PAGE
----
Social wellness is a concept that encompasses your relationships with those around you and your relationship with yourself. Essentially, if you can maintain individuality while actively taking part in the world around you as a part of the greater picture of humankind, you are socially well. This often creates more excellent care for your community, larger society, and the people around you.
Many people overlook social wellness as an essential part of their overall well-being. In reality, this pillar of health is just as important as physical, emotional, and spiritual wellness. When you surround yourself with genuine relationships, healthy friendships, and lovely connections with the people you regularly interact with, it ultimately improves your life.
Social wellness can improve other aspects of your well-being. Do you think you’re socially well? How can you tell? Here are six signs of social wellness most people overlook.
1 – Assertiveness Without Aggression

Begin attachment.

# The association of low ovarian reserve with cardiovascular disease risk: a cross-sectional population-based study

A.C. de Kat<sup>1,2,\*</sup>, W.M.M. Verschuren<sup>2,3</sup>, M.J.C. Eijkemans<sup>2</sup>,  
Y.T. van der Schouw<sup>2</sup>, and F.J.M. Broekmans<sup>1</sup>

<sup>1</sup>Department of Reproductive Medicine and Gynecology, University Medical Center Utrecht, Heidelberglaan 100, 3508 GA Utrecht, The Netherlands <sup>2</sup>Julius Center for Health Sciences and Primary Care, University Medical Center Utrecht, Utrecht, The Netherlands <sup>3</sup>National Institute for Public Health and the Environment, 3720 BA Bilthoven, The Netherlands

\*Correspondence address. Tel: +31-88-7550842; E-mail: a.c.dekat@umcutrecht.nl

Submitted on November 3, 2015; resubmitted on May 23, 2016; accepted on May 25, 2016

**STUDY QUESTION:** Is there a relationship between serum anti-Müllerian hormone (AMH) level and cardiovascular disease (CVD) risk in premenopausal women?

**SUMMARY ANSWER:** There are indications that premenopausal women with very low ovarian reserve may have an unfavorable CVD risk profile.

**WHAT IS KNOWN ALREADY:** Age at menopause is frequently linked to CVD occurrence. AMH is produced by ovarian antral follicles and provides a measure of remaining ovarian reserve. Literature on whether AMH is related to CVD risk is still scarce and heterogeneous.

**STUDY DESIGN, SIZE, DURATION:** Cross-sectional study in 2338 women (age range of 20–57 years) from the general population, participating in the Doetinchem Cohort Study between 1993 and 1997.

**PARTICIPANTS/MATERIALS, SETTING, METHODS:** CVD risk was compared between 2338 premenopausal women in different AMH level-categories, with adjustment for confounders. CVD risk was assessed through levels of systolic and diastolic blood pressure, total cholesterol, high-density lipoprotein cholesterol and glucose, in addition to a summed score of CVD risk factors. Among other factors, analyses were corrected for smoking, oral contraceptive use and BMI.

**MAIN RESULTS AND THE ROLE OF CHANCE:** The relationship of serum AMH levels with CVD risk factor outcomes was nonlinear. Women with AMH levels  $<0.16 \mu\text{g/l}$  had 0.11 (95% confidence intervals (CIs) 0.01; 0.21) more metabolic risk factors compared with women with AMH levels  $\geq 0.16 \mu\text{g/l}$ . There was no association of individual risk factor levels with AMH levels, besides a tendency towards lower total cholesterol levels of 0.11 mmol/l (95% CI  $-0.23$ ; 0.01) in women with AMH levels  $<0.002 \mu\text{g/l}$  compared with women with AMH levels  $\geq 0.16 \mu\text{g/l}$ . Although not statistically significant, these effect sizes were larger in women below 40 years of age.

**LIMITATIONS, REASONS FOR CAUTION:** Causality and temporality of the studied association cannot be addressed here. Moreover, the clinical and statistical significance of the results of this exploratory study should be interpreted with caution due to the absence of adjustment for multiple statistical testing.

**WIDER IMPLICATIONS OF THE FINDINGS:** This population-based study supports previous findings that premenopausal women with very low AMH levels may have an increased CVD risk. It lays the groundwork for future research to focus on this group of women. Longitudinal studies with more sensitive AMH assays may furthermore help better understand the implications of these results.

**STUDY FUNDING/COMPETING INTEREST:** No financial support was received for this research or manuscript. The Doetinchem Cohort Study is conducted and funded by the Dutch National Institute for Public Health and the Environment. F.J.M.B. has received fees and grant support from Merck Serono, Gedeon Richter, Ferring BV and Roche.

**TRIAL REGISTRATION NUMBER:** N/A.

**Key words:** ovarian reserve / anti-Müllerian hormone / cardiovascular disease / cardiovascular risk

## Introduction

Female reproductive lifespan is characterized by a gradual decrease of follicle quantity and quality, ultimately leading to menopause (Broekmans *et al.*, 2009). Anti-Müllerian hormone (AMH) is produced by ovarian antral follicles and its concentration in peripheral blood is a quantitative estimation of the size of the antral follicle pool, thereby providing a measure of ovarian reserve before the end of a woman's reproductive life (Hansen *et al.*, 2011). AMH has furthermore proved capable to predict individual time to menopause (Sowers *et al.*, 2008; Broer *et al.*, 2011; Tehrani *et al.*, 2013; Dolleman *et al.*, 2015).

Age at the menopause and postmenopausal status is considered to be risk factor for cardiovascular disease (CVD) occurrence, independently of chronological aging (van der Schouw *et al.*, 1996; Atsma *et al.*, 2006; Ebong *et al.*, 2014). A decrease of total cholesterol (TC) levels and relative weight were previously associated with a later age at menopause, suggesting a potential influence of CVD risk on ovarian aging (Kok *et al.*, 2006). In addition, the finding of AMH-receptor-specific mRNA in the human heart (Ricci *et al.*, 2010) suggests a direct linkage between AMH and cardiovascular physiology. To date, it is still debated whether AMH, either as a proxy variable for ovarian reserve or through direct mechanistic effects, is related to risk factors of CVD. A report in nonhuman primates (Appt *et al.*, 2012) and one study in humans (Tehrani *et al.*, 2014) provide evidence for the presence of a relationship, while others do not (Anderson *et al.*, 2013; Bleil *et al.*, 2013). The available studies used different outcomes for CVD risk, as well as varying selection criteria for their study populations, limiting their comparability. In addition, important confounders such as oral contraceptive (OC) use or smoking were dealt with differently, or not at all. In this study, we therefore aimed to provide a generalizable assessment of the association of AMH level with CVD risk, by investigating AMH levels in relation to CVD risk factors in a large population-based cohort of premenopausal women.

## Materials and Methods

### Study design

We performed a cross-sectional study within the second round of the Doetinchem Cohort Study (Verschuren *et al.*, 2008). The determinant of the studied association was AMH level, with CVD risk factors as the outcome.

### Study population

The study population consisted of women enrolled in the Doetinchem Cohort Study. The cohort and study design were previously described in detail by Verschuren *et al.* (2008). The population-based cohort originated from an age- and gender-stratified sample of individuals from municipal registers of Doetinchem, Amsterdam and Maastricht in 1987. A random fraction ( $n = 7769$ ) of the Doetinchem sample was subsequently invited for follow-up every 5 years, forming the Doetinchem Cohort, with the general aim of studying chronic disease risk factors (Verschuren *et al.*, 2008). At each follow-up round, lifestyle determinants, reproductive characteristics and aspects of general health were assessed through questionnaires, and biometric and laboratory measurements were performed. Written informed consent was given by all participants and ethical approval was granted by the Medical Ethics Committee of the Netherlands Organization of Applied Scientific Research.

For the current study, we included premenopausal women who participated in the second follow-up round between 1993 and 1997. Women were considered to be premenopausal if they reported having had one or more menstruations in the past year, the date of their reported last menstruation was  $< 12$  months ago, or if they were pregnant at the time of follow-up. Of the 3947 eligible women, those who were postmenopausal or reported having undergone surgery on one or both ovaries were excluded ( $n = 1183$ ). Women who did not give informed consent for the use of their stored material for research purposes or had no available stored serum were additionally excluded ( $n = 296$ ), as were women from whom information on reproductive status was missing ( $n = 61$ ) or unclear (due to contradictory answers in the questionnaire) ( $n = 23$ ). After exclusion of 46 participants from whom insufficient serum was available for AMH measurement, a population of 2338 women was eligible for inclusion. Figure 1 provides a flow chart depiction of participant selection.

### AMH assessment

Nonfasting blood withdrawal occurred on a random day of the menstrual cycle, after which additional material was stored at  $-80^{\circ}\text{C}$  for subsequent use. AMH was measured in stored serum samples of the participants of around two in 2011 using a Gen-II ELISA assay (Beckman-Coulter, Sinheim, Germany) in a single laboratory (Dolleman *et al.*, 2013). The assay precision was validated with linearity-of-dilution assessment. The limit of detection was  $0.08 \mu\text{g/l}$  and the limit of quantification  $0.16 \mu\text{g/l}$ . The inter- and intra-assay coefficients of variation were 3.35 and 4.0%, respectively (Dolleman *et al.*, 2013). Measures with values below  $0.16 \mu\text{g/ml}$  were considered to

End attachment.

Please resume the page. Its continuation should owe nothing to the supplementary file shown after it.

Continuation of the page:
A lot of people struggle with assertiveness. Essentially, this is the ability to stand up for yourself without feeling afraid or ashamed and without apologizing. When you’re capable of doing this, you’ve achieved some degree of impressive social wellness.
For some, assertiveness can teeter over into aggression, as many people struggle with the conflict of being assertive. Crossing this line can lead to passive aggression or direct aggression, which is not the same as being assertive.
Traits Of Assertiveness That Reflect Social Wellness:
Research shows that you’re assertive if you have the following traits and capabilities:
- You don’t experience any negative emotions when you communicate boundaries and needs.
- You can maintain comfortable and positive relationships with the people around you.
- You’re well aware of your rights.
- You feel free to express your desires, emotions, and thoughts.
- You don’t bottle up your thoughts, so you don’t get resentful and angry about your needs not being met.
- When you do experience anger, you have control over it and can express it productively.
- You’re willing to compromise with the people around you without reducing your rights.
- You know a good mix of verbal and non-verbal forms of assertiveness and can utilize both as needed.
- You’ll easily differentiate between assertiveness, aggression, and passive-aggression.
- You don’t feel ashamed for expressing your needs; set healthy boundaries without apologizing.
2 – Respectful Treatment Of Others